v11 then functions as a topic sentence, about the nature and origin of Paul’s gospel. It is not κατὰ ἄνθρωπον, ‘according to men’, which should probably be understood as ‘being human in nature and characteristics’. The reason for its non-human character is, v12, its non human origins – neither received (the passing on of tradition) from a human being, nor taught it, but by a direct, supernatural revelation whose agent and source if Jesus Christ.
Paul’s backing (γὰρ) for the radical nature of this revelation is point to his former way of life ‘in Judaism’. However we want to read the parting of the ways, Paul is prepared to see his former life as part of a distinct religious identity of ‘Judaism’. There is real irony that to ‘advance in Judaism’ was to ‘persecute τὴν ἐκκλησίαν τοῦ θεοῦ, a phrase which has the Jewish identity of ‘Israel’, but which Paul now situates as ‘God’s assembly’. To advance in Judaism was to persecute the Israel of God (cf. 6:16). Though I would be reluctant to assert any literary or direct connection, the zeal for τῶν πατρικῶν μου παραδόσεων matches well with Jesus’ own engagement with the Pharisaical schools, as in Mark 7:1-23.
The construction of v15 is odd, partly because the flow of thought introduced by ‘but when God was pleased...’ is interrupted by an extended description of God in terms of Paul’s setting-apart from the womb and calling. The phrase is drawn from Isaiah 49:1, with further correspondence to Jeremiah 1:5, and situates Paul’s calling in terms of the Old Testament prophets. What other category for calling would Paul have drawn upon? For this reason, I cannot sanction interpretations that want to deny a conversion experience to Paul in place of a ‘calling’ experience. Paul’s radical then/now Judaism/Christ constructions rules out a purely intra-Judaism development.
The nature of Paul’s calling is specified in v16, to preach the gospel to the nations. Nations here should be understood in its typical sense, ‘Gentiles’, hence my inclusion in brackets. Thus, Paul’s calling and conversion to some extent coincide. Whether v16 ἐν ἐμοί is to be taken as ‘in me’, as the location of the revelation, or else instrumentally ‘by me’, to Paul’s ongoing revelation of the Christ through his preaching, is open to debate. Though Paul’s ongoing preaching is logically dependent upon the revelation of the Christ to him.
Paul now emphasises the autonomy of his initial period. He did not ‘consult with flesh and blood’ – reinforcing his earlier comment in v12, about the non-human origin and teaching of his gospel. v17 likewise disassociates his gospel activity from the Jerusalem-apostles Rather, Paul went to Arabia (i.e. the Nabataean kingdom), and specifically Damascus.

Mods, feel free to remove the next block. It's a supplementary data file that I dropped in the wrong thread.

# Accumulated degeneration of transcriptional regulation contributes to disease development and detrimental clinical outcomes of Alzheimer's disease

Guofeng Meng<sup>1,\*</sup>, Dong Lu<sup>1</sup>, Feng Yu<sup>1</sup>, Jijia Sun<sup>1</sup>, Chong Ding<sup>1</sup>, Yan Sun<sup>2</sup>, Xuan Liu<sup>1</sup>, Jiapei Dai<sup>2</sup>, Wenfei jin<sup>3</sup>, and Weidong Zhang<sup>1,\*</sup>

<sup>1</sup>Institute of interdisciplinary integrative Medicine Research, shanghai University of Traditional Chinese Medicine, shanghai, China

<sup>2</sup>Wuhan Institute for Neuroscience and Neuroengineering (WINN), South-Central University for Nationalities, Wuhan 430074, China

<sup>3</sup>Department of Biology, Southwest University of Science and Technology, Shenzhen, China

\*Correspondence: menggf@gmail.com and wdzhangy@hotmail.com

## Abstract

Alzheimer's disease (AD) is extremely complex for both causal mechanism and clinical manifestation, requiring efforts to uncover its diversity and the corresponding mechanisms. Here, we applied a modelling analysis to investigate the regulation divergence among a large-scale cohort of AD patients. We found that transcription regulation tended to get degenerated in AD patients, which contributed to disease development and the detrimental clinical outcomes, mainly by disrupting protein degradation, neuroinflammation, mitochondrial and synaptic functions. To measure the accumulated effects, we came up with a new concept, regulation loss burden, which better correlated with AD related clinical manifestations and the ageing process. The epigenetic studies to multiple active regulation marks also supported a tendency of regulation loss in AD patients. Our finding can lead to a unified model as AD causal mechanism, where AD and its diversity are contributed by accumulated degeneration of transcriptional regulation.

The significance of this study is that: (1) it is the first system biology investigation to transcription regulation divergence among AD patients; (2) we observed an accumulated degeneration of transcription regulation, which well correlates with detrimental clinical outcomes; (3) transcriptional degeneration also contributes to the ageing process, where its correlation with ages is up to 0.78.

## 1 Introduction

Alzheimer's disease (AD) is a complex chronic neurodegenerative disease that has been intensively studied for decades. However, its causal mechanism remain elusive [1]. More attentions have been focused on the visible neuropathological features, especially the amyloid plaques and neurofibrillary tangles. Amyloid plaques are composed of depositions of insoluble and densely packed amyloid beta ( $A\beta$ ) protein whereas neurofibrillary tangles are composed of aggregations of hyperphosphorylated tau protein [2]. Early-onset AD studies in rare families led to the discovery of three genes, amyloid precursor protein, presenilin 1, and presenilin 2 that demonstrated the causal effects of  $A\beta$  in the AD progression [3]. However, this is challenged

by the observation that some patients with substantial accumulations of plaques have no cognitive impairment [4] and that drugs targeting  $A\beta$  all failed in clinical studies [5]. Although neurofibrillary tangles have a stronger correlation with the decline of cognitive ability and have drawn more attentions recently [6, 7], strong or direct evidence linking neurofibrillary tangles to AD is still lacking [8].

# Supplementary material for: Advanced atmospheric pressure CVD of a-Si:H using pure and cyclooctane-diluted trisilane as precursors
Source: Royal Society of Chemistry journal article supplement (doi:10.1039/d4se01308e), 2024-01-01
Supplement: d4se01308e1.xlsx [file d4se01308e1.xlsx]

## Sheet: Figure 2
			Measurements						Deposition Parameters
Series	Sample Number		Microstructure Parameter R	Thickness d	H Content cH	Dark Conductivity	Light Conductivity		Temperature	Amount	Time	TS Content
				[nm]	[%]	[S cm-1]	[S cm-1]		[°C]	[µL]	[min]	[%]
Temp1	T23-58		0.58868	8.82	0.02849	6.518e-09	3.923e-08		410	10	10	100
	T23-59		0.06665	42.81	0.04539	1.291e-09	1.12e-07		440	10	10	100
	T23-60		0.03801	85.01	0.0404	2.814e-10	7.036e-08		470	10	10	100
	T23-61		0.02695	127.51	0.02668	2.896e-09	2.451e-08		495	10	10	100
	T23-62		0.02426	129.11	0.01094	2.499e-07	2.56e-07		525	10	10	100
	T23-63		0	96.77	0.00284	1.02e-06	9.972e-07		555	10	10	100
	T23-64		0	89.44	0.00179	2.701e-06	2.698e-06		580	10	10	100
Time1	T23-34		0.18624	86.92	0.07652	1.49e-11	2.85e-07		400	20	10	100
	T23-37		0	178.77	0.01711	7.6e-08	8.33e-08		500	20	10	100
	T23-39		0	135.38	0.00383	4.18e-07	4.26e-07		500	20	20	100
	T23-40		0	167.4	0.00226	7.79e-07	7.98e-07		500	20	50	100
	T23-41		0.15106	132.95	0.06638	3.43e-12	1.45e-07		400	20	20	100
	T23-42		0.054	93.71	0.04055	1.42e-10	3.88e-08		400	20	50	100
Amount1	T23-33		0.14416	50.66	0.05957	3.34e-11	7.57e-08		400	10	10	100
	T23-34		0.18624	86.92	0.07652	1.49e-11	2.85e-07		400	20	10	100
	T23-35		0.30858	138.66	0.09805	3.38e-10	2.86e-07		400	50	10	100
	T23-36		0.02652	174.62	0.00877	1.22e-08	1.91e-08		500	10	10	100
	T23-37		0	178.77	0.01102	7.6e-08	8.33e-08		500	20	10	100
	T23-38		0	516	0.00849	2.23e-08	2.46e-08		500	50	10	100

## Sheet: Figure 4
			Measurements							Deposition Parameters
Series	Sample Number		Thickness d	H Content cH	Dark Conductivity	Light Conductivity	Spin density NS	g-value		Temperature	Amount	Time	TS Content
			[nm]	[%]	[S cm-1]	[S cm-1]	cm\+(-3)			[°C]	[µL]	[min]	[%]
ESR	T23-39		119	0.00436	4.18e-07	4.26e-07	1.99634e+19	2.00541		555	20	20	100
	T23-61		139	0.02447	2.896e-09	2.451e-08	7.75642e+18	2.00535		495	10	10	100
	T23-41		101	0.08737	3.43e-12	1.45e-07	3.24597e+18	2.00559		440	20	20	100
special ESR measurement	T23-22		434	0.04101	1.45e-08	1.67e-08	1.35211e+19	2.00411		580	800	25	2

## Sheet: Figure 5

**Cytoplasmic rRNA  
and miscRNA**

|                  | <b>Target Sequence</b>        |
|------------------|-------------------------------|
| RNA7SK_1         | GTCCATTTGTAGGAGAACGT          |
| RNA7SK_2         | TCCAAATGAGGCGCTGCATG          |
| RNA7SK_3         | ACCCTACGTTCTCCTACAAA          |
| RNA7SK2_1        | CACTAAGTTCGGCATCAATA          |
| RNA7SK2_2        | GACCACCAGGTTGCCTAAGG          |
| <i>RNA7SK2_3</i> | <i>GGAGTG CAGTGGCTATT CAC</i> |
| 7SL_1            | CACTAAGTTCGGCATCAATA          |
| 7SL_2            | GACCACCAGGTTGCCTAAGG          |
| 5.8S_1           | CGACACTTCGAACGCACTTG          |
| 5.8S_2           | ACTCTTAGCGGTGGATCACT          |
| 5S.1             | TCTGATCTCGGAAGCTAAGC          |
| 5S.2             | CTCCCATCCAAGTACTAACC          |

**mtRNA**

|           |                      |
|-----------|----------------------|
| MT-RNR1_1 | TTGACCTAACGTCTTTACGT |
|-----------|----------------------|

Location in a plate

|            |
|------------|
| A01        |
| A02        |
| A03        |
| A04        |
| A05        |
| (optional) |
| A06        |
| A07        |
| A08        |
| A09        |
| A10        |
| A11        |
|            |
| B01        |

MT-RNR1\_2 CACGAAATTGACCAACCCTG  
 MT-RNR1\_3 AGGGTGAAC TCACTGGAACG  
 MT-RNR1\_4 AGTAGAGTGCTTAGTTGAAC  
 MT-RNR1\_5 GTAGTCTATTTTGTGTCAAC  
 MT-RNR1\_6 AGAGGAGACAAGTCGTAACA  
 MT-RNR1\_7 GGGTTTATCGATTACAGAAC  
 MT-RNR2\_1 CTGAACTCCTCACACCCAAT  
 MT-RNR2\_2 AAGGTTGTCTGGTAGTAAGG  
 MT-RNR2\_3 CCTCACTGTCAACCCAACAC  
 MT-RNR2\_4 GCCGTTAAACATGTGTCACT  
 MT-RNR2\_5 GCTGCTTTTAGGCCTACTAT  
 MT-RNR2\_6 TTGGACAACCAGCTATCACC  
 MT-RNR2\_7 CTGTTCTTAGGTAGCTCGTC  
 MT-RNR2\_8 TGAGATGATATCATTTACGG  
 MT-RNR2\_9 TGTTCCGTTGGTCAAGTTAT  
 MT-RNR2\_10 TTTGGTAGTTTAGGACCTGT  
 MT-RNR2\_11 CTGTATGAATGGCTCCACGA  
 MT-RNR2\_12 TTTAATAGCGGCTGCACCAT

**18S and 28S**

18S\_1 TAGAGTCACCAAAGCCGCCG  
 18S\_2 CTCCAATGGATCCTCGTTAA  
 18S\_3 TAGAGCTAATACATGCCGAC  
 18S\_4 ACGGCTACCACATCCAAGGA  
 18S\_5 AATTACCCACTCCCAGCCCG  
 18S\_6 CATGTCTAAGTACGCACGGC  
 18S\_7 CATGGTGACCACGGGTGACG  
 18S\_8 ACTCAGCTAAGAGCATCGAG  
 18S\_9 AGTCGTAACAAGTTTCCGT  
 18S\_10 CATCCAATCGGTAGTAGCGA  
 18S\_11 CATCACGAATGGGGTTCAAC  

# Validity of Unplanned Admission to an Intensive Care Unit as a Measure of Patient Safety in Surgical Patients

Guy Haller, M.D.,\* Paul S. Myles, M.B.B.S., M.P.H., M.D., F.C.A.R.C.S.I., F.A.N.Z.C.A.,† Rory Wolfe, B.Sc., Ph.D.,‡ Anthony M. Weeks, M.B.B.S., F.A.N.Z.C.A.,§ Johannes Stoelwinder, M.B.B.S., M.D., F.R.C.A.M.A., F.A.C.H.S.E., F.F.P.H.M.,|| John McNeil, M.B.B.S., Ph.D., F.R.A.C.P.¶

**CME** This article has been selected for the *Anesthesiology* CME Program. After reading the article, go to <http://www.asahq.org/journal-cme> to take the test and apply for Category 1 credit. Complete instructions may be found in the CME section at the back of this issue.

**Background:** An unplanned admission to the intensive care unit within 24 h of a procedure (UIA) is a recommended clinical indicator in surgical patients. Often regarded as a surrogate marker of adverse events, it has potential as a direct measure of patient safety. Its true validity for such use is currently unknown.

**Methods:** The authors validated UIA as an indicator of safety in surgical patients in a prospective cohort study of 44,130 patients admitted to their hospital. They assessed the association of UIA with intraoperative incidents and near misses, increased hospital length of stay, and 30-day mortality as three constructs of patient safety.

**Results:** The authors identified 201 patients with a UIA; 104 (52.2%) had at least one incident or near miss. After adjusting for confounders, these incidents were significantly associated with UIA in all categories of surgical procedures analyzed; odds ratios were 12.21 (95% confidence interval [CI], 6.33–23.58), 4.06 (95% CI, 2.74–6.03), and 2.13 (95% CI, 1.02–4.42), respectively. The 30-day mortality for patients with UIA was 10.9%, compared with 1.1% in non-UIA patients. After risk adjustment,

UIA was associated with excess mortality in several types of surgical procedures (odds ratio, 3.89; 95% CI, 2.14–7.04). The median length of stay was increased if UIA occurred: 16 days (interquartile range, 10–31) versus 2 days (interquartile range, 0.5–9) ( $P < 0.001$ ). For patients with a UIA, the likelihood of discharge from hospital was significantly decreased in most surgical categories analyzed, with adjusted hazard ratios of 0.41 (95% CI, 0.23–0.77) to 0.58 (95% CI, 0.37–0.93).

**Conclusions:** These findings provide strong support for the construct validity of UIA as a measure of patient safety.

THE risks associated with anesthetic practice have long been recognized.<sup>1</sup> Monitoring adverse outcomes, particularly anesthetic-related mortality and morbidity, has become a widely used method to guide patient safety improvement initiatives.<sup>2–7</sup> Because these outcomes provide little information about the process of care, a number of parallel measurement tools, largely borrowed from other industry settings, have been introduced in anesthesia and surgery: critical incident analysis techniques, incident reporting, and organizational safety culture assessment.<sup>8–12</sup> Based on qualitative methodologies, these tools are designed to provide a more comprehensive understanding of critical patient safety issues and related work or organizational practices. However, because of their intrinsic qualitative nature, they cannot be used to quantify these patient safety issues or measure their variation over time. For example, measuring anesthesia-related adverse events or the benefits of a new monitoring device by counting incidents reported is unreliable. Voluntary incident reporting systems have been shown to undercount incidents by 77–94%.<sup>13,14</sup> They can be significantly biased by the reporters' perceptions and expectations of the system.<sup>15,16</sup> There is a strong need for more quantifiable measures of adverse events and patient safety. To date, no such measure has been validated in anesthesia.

The three year gap before Paul visits Jerusalem gives his gospel and apostleship a ‘distance’ from the Jerusalem apostles which serves as Paul’s defence of its independence. He does not deny dealing with the Jerusalem apostles, but is keen to delineate his autobiography in terms that demonstrate that independence. So, v18, he mentions his visit to Kephas (Peter), which lasted 15 days, and involved no other major Jerusalem identities beyond Jacob (James), the brother of Jesus. v20 is a meta-comment upon the narrative itself – Paul draws attention to his self-disclosure and attests to his truthfulness. v21-24 summarise events beyond that initial visit – his return into Syria and Cilicia, the fact that he was not acquainted in person with Judean churches, and they praised God.
We might also note that Paul’s visit to Jerusalem here is informal. There is not delegation, no officiality, just Paul coming to Jerusalem and meeting two Christian leaders. He is again emphasising that he didn’t ‘get’ his gospel on this occasion. Indeed, cross-checking with Acts reveals his prior gospel ministry. Secondly, ‘the Faith’ in v23 is a remarkably Christian expression, since Christianity as a religion is built upon ‘Faith’. To speak of other religious traditions as ‘faiths’ is to import a key Christian distinctive into them, that is not necessarily present. So Paul can speak of preaching the Faith in a unique sense of the word. This section, 1:11-24, repeatedly hammers the defence of the source of Paul’s gospel and Paul’s apostleship.